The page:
The PC’s minds are cast back through time, possessing the bodies of doomed scientists and soldiers aboard Edge Station. Druune cells already infect the crew and loved ones, who surreptitiously sabotage and undermine the station’s defenses. Worse, a mysterious enemy with knowledge of the future has a vested interest in seeing the tragedy proceed on schedule. With their own awareness of pending events, can the PC’s discover their true enemies and overcome history’s momentum, or must they sacrifice their lives to give reality hope?
First Contact is part 3 of the 5 part Future’s Past adventure series for the Starfinder Roleplaying Game for four to six PCs of 3rd level who should reach 4th level or an endless time loop by the adventure’s conclusion!
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– August 3, 2020
An Endzeitgeist.com review
The third installment of the Future’s Past AP clocks in at 23 pages, 1 page front cover, 1 page editorial/ToC, 1 page SRD, 1 page advertisement, 1 page back cover, leaving us with 18 pages of content. It should be noted that, as in the first two installments, the module has more content inside than the page-count would lead you to believe.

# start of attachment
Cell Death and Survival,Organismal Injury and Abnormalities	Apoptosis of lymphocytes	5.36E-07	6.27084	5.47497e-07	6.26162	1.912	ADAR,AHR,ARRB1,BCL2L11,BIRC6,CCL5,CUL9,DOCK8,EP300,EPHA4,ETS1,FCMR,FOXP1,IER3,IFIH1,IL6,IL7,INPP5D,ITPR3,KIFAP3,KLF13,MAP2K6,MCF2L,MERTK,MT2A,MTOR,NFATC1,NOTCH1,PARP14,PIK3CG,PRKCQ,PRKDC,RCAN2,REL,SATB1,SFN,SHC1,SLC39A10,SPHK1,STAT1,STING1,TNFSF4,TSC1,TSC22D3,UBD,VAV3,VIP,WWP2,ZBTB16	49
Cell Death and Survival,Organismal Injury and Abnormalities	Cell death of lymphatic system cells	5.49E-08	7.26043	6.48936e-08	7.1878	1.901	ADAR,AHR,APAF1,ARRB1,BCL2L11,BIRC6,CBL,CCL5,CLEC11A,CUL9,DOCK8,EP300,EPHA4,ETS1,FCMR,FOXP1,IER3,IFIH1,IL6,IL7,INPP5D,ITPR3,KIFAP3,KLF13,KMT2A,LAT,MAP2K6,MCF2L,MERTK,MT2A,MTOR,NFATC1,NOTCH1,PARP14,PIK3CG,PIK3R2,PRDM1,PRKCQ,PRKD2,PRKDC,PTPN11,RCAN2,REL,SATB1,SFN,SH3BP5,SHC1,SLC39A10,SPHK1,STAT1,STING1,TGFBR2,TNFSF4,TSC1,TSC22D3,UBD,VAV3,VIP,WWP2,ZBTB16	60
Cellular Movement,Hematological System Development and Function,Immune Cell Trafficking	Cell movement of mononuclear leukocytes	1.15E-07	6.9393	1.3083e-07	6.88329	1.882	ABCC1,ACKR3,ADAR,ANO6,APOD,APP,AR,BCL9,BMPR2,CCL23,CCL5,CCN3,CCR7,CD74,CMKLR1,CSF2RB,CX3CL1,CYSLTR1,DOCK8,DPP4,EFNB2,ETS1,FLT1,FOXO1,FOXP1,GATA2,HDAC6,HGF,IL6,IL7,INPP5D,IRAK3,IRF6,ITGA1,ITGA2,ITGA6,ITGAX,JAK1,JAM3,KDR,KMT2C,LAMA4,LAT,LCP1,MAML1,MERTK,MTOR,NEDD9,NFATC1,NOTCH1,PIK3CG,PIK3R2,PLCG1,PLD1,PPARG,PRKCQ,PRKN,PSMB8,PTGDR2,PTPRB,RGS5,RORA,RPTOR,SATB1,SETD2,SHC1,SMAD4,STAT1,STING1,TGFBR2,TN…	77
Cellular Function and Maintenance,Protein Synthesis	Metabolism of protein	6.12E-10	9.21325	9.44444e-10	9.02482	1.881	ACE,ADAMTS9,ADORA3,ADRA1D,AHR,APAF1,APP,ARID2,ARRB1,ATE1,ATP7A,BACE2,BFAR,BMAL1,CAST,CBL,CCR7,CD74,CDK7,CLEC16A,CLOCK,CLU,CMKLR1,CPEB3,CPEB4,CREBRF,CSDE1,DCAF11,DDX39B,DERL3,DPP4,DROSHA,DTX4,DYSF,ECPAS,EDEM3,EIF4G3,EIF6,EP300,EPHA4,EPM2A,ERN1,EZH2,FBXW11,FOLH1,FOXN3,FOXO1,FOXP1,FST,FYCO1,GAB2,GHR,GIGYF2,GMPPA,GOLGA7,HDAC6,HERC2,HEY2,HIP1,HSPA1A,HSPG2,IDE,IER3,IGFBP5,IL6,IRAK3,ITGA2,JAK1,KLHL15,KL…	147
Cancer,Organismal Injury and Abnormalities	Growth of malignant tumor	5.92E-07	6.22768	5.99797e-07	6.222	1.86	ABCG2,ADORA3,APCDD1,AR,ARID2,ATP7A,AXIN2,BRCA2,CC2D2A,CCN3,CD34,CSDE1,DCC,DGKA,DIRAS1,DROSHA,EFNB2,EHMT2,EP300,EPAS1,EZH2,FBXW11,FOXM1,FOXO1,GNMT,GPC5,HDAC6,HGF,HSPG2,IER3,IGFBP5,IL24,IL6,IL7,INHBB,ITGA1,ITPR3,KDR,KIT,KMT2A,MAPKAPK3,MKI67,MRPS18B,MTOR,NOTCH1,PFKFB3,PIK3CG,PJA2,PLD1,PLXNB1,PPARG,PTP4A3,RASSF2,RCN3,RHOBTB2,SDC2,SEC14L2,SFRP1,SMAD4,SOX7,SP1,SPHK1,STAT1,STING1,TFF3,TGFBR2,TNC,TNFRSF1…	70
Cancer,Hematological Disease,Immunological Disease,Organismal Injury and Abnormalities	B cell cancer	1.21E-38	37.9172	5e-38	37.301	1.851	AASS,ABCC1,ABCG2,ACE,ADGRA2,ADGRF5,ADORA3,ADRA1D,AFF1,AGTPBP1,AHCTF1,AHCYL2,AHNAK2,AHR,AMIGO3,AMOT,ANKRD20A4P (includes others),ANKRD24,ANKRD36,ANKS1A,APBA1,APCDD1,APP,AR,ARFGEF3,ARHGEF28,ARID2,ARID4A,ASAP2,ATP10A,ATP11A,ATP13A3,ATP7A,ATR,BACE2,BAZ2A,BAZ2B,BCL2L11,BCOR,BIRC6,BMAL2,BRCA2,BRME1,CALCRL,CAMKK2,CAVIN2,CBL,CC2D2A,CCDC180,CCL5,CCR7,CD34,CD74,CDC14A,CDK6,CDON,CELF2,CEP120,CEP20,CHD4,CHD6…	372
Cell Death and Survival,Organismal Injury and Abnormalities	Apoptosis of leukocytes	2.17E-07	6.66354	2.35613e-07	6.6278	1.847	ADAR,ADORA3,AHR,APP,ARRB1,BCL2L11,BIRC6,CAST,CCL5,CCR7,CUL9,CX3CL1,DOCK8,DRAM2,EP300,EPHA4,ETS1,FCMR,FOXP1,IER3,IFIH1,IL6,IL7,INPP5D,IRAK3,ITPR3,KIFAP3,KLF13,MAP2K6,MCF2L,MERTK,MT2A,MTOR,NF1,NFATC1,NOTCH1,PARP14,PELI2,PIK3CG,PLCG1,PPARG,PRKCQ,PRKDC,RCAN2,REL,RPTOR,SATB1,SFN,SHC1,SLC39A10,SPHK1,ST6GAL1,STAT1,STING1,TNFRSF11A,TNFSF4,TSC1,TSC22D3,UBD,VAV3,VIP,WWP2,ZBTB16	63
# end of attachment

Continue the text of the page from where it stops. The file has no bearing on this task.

This module is intended for 4-6 3rd level characters, and I highly recommend playing Future’s Past I and II – they are both phenomenal adventures.
Okay, so HUGE WARNING: In order to discuss this review, I will need to go into SPOILERS not only for the module, but also for its predecessors. If you want to play this (and you do, trust me!), then you should stop reading RIGHT NOW.